Genetics
Viruses (biological)

Where does a virus replicate its DNA?

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2013-03-06 17:43:44
2013-03-06 17:43:44

A virus replicates its DNA in a cell when it infects the host

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Yes, they implant their DNA into a cell. The DNA tells the cell to replicate the virus inside itself. When the cell is full of the virus, it explodes, releasing viruses all around the targeted area.


Cells do not replicate "In DNA". Cells replicate their DNA during the process of cell division.


Lysogenic is when the virus enters and binds into the hosts DNA and one could replicate slowly or two when the virus sense the host cell is about to die, the virus will go into lyic cycle and replicate and kills the host cell.


It needs a host cell(living cell) to replicate the virus's DNA


Many viruses can infiltrate a host's DNA to replicate itself. An example of this is the AIDS virus.


Viruses attach themselves to and then replicate inside of a cell in order to replicate itself. DNA viruses replicate in a cell's nucleus while RNA viruses generally replicate in the cell's cytoplasm.


Virus hijacks cell's biochemical machinery to replicate it's own dna, because it can't replicate on it's own and it doesn't have metabolism, thus vuruses are not considered to be living organisms.


They replicate their DNA during interphase.


replication forks separate and replicate DNA


For a virus to replicate it must insert its own DNA into a host nucleus cell. This newly infected cell finds another host cell to replicate, and a viral infection is produced.


Virus is a small infectious agent than can only replicate inside the cell of other organism .it consist either RNA OR DNA


The Strand of genes is inserted into the cells DNA. This causes the cells to replicate the virus


If the DNA did not replicate, daughter cells would not be formed.


Because the living organism has to replicate the DNA that the virus infects the host with. It can't do this if it is a dead organism.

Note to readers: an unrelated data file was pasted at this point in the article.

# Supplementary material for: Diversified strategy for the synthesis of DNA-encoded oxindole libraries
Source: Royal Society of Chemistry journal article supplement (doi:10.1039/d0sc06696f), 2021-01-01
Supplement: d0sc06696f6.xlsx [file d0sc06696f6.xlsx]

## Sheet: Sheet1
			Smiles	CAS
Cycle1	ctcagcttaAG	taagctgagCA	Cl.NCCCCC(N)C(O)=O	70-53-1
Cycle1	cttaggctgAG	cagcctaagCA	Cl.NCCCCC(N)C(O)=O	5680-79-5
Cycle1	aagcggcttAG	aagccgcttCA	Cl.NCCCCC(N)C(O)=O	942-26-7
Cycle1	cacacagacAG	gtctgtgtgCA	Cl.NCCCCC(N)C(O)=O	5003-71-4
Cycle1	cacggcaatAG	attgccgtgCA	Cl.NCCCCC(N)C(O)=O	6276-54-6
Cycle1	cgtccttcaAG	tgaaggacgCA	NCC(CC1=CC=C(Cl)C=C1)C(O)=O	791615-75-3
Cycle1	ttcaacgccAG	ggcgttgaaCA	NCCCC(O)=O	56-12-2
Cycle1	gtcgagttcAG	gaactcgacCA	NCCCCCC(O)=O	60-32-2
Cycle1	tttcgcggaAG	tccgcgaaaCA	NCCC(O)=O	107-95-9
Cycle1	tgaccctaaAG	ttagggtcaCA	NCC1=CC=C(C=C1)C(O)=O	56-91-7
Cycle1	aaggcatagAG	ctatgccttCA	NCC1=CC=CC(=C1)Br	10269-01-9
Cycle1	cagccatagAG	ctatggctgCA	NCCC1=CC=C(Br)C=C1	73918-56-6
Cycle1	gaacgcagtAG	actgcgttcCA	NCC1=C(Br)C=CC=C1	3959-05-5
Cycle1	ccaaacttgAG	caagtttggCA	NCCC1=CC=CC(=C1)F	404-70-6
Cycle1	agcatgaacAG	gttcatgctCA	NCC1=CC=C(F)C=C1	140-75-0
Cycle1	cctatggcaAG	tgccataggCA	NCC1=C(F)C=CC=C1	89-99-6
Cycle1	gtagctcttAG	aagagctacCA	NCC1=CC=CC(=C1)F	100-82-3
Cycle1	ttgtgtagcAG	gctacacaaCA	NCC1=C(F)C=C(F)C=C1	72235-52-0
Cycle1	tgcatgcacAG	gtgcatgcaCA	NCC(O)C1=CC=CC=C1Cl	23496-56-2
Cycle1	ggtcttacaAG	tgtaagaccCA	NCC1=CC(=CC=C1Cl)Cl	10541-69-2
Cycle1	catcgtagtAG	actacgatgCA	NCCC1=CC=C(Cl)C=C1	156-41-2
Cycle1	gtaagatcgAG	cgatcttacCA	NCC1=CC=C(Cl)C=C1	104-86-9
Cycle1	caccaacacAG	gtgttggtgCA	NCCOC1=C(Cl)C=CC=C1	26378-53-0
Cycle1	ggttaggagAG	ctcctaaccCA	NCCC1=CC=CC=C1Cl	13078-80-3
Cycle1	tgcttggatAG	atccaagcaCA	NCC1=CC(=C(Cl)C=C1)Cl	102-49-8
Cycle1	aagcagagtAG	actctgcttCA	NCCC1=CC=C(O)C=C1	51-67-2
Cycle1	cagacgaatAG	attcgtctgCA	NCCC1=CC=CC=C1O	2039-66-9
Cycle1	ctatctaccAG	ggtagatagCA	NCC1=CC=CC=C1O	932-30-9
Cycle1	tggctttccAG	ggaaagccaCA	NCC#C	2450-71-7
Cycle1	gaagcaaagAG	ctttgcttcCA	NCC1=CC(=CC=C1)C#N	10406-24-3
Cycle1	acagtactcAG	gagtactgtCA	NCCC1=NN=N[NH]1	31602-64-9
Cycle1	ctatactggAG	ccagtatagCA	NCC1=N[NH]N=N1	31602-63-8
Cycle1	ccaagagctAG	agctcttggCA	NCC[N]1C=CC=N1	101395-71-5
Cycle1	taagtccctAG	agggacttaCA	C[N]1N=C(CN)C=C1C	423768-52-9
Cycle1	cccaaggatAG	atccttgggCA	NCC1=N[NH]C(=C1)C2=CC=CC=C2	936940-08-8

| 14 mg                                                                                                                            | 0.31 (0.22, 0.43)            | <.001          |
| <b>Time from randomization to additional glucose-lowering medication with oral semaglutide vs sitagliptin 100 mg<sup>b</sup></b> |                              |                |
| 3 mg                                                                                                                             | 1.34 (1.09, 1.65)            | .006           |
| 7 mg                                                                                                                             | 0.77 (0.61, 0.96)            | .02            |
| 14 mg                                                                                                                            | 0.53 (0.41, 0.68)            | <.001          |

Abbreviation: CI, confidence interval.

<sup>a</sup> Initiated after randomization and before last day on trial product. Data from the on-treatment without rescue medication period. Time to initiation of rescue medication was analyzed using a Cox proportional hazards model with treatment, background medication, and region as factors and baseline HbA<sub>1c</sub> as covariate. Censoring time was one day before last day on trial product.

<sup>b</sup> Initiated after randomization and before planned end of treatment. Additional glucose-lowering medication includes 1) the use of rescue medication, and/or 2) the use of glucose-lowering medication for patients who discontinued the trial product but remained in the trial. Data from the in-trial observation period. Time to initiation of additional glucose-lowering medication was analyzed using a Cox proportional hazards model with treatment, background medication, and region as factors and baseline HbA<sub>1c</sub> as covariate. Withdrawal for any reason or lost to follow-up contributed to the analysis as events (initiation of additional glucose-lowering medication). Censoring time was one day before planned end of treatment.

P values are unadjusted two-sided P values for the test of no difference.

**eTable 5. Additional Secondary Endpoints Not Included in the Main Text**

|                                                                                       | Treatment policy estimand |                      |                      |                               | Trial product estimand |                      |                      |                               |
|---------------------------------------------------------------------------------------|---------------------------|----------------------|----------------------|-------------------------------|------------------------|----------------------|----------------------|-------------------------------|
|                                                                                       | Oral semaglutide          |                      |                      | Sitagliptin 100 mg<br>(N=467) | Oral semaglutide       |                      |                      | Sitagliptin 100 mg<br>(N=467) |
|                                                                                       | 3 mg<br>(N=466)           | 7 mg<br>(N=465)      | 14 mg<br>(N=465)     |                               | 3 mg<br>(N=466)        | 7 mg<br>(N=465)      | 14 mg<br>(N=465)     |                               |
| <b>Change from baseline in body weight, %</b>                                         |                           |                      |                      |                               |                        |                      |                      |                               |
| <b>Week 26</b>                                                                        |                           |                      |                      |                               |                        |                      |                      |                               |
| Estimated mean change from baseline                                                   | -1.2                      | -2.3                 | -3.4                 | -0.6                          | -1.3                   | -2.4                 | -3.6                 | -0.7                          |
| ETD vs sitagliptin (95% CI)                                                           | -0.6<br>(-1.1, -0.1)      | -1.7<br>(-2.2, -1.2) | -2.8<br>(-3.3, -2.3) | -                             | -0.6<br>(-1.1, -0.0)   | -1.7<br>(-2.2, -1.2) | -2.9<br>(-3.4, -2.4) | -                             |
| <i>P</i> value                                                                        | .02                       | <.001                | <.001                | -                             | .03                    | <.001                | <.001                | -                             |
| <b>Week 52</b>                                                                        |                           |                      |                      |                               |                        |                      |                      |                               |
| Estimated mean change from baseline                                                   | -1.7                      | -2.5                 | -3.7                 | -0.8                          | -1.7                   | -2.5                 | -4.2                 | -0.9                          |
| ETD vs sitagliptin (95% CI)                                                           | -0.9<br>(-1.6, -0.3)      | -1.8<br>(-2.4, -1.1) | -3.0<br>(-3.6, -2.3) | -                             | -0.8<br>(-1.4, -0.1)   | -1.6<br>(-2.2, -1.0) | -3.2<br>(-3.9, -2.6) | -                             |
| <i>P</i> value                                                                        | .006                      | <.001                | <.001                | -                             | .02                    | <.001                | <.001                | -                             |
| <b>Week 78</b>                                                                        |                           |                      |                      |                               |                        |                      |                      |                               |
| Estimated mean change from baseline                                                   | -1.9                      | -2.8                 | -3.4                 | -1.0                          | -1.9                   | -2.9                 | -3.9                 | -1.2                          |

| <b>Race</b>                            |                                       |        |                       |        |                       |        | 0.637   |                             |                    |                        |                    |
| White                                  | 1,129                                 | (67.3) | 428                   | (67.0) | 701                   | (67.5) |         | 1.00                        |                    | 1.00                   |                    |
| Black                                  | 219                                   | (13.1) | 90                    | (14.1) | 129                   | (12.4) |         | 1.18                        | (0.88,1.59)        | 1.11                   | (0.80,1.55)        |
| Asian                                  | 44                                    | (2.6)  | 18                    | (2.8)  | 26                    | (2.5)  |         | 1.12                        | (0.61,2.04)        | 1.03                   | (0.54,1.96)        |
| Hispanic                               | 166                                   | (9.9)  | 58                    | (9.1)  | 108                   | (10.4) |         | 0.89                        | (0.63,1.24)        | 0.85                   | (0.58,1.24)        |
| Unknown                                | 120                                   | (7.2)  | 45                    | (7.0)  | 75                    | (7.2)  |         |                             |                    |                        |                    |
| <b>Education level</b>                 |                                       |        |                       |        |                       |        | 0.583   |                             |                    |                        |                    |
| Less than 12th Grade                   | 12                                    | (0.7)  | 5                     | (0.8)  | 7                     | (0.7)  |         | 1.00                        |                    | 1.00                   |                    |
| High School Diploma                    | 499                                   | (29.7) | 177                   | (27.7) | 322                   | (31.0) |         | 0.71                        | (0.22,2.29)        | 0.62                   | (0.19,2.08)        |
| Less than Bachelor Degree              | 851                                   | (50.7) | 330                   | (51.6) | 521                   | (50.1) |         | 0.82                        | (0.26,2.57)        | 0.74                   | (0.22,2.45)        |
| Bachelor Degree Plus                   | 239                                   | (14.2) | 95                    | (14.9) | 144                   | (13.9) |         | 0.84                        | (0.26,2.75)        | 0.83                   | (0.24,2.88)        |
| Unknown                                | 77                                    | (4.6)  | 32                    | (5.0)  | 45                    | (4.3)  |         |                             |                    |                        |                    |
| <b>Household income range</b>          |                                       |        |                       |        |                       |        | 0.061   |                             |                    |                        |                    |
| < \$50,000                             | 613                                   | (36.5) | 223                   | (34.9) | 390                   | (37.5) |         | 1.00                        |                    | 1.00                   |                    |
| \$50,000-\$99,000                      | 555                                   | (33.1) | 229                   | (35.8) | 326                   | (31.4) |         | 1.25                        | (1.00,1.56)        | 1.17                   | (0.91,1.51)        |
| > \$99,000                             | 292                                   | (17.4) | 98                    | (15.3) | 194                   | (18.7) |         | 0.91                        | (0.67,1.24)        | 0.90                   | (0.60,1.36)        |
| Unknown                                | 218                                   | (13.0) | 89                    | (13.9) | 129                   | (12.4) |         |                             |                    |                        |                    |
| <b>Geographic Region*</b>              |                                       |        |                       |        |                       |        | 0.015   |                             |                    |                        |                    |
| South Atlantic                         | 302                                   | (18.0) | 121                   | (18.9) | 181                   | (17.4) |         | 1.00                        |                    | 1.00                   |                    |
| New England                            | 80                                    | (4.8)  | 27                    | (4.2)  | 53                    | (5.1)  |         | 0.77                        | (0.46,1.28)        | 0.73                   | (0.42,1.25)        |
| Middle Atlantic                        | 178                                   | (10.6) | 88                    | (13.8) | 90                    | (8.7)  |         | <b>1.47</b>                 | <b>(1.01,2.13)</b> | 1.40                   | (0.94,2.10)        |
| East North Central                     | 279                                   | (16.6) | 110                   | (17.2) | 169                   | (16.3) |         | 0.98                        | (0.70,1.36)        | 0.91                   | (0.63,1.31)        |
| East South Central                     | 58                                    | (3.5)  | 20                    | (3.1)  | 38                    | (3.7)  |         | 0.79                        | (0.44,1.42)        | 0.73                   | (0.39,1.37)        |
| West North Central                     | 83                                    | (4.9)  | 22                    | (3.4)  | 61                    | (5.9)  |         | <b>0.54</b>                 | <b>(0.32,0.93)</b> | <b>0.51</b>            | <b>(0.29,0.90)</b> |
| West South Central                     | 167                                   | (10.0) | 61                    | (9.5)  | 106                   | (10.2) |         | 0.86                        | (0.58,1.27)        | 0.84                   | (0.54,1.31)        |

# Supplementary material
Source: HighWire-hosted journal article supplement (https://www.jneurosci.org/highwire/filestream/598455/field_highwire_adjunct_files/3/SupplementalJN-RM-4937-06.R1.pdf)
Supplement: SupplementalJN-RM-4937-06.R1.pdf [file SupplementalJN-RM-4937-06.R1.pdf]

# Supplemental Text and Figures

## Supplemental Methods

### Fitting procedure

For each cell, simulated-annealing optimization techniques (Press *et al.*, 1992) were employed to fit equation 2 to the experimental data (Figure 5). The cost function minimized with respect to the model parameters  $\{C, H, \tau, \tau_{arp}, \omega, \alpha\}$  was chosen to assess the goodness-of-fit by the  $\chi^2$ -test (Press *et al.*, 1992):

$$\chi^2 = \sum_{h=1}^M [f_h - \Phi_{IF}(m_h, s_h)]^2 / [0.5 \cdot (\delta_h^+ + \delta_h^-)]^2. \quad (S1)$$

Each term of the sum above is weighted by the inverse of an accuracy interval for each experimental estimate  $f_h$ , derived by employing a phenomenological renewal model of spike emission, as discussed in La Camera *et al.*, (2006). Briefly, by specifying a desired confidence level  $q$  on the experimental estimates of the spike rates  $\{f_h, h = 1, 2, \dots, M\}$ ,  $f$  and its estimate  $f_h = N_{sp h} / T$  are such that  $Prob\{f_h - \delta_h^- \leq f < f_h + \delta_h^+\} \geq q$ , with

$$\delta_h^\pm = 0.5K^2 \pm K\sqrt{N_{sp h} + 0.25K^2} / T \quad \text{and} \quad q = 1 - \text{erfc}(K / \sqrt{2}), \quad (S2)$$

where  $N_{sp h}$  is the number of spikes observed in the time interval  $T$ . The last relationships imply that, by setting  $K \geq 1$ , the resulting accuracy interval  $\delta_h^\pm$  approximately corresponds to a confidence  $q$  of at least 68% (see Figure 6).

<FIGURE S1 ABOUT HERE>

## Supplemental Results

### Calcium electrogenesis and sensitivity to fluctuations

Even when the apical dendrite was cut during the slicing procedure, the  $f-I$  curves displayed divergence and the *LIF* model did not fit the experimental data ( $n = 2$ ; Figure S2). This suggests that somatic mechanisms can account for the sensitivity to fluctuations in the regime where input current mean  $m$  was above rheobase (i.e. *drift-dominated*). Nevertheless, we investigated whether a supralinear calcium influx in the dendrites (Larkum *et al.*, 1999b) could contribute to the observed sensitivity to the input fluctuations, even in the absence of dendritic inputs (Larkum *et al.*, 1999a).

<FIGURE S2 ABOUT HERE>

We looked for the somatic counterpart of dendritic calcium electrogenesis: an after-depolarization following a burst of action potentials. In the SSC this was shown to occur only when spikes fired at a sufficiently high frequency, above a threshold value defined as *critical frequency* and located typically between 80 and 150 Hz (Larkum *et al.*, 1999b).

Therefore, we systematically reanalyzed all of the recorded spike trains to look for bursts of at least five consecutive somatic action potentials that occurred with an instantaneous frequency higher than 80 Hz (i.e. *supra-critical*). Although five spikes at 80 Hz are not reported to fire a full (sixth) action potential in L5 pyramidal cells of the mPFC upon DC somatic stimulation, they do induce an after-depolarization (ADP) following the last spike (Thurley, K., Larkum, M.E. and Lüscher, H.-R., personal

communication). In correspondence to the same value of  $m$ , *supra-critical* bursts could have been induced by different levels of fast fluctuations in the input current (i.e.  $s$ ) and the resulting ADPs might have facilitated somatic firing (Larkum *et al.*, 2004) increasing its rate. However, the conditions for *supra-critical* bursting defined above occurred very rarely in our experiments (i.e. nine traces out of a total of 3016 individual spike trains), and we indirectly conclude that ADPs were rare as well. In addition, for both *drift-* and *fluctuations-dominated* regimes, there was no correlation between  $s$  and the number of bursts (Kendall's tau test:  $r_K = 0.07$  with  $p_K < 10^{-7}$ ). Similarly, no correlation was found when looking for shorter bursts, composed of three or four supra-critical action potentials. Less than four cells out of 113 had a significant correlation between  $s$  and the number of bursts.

that depends on the kind of virus. biological ones replicate by infecting other healthy cells and forcing those cells to make copies of the virus


AIDS virus belongs to retrovirus category. These type of virus has only RNA as genetic material. They depend on host cell's DNA to replicate.


a virus is able to replicate itself bu taking over the metabolic activities of the cell it infects essentially saying stop what you are suppose to do and make copies of me. so the virus actually doesn't replicate itself but rather the cell in which it infects does it for it. this occurs during the lytic phase of the virus. sometimes the virus "hides" by incorporating itself within the dna of the cell it infects(causing certain cancers) until it is releases itself and says make me. this dormant phase is called lysogenic.


Replicate DNA and you get DNA. Two from one.


with its tailAbility to use those kinds of cells to replicate themselves based on compatible DNA/RNA and proteins.l


so that there will be two sets of DNA ... one for each new cell. If the DNA doesnt replicate one new cell would have no DNA. and cells need DNA.


A virus is like a Tupperware container. It is abiotic (never living), and just acts as a container storing deoxyribonucleic acid (DNA) for that specific virus. First, the virus attaches itself to a living cell. Next, it injects its own DNA into the cell. The virus's DNA instructs the cell to put ALL of its resources into copying the DNA and making more of the same virus. Last, the cell ruptures and the new viruses are set free to repeat the process.


A DNA virus has only DNA as its genetic material.


A virus will replicate within a host cell.


The difference between a retrovirus and a RNA virus is that retroviruses utilize an enzyme (reverse transcriptase) to produce DNA, from their RNA, which can be inserted into the host genome. RNA viruses that do not function as a retrovirus skip the DNA intermediate and replicate in the cytoplasm.


DNA must replicate itself before mitotic cell division so that the two new daughter cells have the same amount of DNA, and identical DNA.



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